Most people I know who do medical content writing didn’t start doing this kind of work right out of college. Some came from careers in journalism, medicine, physical therapy (that’s me), and marketing. Others simply brought an English degree and love of writing to the table.
Somewhere along the line, however, they all got a good grasp of the medical ethics and standards they needed to do this kind work well and to be successful.
Medical ethics is a huge and complicated entity, where some of our hardest decisions are rigorously debated. I am not a foremost expert in this field, and you don’t have to be either to produce medical content. But you do have to have a handle on some basic tenets and codes of conduct to do it right and to be successful.
A Unique Audience
Medical content, whether presented in a blog, an article, a condition page, or even a little tweet, can be scarey. It is serious in a way that knitting projects, falafel recipes, and build your own greenhouse plans are NOT.
Many readers of medical content are potential patients or their loved ones. And since you can’t possibly know who exactly will read what you write, to be on the safe side, it’s best to treat them all as if they are. This means employing a certain sensitivity to any fears, misinformation, and vulnerability the reader may be bringing to the table.
Medical content writers who come from a clinical background have the advantage of years of trial and error to find out the most effective ways to communicate with patients. Even so, they often need to tone down the jargon and humanize their writing.
Those writers who come with a background in journalism, on the other hand, may have a bit more of a flare for drama and sensationalism. If you don’t believe that, just watch FOX news for five minutes. This skill can be terrific for enlivening copy, but it can also scare the pants off someone.
Marketers tend to be savvy about the psychology of selling and the techniques that get people to sign on the dotted line. When the product or service is of a medical nature, it is important to measure in the dangers of over-promising and minimizing risk for the sake of a sale.
Read my post, The Three Little Pigs of Medical Copywriting, to learn more.
Social Media Engagement
Content marketing heavily leans on social media, whether via a blog, Twitter, or an ever increasing field of outlets (snapchat, instagram …).
The social nature of these platforms means that the lines between between being a professional and being someone’s friend can get blurry. It is also a little too easy to slip or inadvertently associate yourself with breaches of patient privacy.
The best approach is to understand professional codes of conduct and to apply these as best you can. Many professional medical associations have issued social media guidelines that are publicly available, so you can do just that.
I have written a whole lot more about this and have a list of resources you can use in my post Don’t Blow it on Social Media: Resources for Healthcare Professionals.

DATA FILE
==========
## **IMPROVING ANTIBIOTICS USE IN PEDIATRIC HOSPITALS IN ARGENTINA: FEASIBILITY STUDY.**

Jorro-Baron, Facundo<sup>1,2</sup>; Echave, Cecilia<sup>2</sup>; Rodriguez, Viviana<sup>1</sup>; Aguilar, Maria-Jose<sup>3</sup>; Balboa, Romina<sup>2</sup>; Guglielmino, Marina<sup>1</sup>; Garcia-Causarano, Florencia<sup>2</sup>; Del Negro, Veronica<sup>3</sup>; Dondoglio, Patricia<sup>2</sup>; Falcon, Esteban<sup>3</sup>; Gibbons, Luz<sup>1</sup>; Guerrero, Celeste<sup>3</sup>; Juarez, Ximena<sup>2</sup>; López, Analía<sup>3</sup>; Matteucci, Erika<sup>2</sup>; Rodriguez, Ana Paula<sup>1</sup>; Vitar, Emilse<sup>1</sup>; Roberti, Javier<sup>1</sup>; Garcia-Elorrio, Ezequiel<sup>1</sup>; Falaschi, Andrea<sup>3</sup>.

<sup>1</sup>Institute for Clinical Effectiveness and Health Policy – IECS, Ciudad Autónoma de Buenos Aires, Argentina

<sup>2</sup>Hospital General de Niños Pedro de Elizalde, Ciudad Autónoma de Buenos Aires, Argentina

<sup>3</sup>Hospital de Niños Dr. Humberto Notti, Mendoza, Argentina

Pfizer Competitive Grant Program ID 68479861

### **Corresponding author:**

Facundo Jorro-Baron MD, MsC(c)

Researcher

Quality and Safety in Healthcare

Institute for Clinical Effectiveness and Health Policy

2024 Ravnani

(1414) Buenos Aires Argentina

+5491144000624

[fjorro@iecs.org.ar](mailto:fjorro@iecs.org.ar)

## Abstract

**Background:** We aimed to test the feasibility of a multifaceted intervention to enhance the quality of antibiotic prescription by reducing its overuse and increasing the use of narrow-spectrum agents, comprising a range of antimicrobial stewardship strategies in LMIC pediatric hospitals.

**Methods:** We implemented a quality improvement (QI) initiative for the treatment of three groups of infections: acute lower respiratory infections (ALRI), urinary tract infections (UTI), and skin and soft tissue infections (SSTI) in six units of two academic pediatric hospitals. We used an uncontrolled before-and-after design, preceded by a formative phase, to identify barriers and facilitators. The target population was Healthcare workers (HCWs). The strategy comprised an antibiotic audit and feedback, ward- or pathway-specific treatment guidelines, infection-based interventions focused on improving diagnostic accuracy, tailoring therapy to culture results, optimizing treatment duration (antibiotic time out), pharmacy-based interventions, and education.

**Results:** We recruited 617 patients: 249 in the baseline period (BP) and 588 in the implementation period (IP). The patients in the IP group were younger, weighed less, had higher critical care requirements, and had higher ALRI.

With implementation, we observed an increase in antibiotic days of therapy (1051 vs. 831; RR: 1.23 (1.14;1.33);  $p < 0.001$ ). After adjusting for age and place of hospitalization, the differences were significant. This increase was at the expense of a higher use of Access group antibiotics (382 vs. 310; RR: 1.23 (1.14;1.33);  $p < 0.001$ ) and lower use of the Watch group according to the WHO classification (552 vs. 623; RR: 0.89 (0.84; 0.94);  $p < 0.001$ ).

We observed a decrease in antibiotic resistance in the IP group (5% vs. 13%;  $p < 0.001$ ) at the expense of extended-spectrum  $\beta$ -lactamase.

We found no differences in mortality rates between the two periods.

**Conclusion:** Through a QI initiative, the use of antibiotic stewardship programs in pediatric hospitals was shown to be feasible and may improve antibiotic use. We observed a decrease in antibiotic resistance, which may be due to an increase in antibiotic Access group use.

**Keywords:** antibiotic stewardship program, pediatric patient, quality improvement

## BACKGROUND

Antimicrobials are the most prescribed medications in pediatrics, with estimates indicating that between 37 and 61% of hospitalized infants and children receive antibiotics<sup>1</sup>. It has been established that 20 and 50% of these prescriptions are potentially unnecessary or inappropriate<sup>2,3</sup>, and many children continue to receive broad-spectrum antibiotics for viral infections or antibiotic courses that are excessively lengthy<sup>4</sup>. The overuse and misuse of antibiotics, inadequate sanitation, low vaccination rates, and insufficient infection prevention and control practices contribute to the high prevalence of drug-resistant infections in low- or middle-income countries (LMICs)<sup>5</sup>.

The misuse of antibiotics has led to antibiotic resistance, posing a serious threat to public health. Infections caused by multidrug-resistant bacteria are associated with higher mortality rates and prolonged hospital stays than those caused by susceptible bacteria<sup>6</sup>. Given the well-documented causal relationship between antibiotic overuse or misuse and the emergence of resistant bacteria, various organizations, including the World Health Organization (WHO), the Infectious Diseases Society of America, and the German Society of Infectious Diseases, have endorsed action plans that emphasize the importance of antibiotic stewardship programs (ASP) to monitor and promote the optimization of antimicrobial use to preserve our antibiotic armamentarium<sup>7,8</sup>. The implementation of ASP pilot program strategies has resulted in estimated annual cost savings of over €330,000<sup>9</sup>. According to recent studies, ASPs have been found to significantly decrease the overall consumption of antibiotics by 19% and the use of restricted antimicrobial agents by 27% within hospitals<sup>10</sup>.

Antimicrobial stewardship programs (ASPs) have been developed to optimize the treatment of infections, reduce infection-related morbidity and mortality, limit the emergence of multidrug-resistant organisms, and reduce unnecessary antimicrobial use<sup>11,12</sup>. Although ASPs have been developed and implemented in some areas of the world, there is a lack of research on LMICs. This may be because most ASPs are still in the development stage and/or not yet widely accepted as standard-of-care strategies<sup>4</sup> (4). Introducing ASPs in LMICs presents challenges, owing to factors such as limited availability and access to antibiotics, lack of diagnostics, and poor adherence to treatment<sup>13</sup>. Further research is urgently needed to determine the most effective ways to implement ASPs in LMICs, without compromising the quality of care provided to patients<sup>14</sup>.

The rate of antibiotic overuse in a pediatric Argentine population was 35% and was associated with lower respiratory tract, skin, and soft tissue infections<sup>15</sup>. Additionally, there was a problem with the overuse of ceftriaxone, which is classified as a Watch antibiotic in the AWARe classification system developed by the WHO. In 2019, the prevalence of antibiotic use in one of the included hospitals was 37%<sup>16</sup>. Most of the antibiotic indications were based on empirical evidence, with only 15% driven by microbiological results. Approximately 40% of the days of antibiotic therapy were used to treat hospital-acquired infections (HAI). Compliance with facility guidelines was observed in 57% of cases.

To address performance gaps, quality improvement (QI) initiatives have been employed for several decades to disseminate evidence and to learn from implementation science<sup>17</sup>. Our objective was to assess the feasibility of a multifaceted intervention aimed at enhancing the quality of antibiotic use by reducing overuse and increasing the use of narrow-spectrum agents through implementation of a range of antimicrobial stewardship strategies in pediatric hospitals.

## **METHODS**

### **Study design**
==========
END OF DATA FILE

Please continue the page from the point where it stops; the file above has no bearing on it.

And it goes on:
A Note on Language
Misconstrued language in medical content writing can get patients hopes up too high and it can lead to harm–and law suites. Law suits in medicine are a fact of life and the insurance premiums that clinicians have to pay are proof of that. For that reason, it is a good idea to watch out for wording that could be over-promising or misunderstood.
You don’t want to create a situation where a patient comes in and says they tried grape seed oil on their staff infection because THAT is what you told them to do in your last blog, and now they need their leg amputated.
OK, so that is kind of an exaggeration, but my point is that harming a patient (or getting sued by one) can come down to the difference between using words like, can and may, instead of absolutes like will and always. So, take care.
Read my post, How to Blog Like a Person: 4 tips for Doctors, to learn more.
The Health Insurance Portability and Accountability Act of 1996 (HIPAA) is where the ethical rubber meets the legal road. This piece of legislation has taken what may have been a list of ethical standards and turned them into legal statutes that can get you into serious trouble if ignored. I am talking about huge fines and even loss of license.
Of particular importance in medical content writing is observance of HIPAA’s patient privacy laws. What this translates to most often in medical content writing is making sure to have a legally drawn up set of consent forms.
Before you share one word about any patient case, whether you mention their name or not, you need these forms signed.
Read more in my post, MedBlog Writers–Read this Before You Interview Your Next Patient.
We all want to be good at our jobs and to do this in medical content writing it is imperative that you know and abide by these basic ethical and legal constructs. I encourage you to think about these issues and research them further. At the very least, go to the HIPAA website and read about the laws before you even think about writing medical content.
This is serious business.
Basics of Content Marketing for Medical Practices Part 1: What is Content Marketing?
Basics of Content Marketing for Medical Practices Part 2: Why Use Content Marketing for Medical Practices?
Basics of Content Marketing for Medical Practices Part 3: Bare Bones Approach to Content Strategy
Basics of Content Marketing for Medical Practices Part 4: Copywriting: Not Just for Selling Bananas
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